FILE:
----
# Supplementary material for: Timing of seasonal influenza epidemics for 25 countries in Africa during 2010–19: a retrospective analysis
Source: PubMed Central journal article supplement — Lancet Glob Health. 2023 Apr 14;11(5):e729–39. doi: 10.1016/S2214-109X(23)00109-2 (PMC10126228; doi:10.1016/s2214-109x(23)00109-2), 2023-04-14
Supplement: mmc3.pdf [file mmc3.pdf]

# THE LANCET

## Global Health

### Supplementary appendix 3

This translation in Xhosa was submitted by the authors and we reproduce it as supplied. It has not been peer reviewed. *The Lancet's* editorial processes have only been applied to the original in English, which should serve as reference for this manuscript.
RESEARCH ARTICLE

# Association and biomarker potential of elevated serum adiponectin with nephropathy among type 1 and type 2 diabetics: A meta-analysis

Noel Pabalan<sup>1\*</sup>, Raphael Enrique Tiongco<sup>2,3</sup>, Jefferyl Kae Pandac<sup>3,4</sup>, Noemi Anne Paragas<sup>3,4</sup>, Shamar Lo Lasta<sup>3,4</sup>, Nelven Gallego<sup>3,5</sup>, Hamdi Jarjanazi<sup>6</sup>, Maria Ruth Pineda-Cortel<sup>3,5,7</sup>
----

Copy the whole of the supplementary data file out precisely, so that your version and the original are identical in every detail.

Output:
# Supplementary material for: Timing of seasonal influenza epidemics for 25 countries in Africa during 2010–19: a retrospective analysis
Source: PubMed Central journal article supplement — Lancet Glob Health. 2023 Apr 14;11(5):e729–39. doi: 10.1016/S2214-109X(23)00109-2 (PMC10126228; doi:10.1016/s2214-109x(23)00109-2), 2023-04-14
Supplement: mmc3.pdf [file mmc3.pdf]

# THE LANCET

## Global Health

### Supplementary appendix 3

This translation in Xhosa was submitted by the authors and we reproduce it as supplied. It has not been peer reviewed. *The Lancet's* editorial processes have only been applied to the original in English, which should serve as reference for this manuscript.
RESEARCH ARTICLE

# Association and biomarker potential of elevated serum adiponectin with nephropathy among type 1 and type 2 diabetics: A meta-analysis

Noel Pabalan<sup>1\*</sup>, Raphael Enrique Tiongco<sup>2,3</sup>, Jefferyl Kae Pandac<sup>3,4</sup>, Noemi Anne Paragas<sup>3,4</sup>, Shamar Lo Lasta<sup>3,4</sup>, Nelven Gallego<sup>3,5</sup>, Hamdi Jarjanazi<sup>6</sup>, Maria Ruth Pineda-Cortel<sup>3,5,7</sup>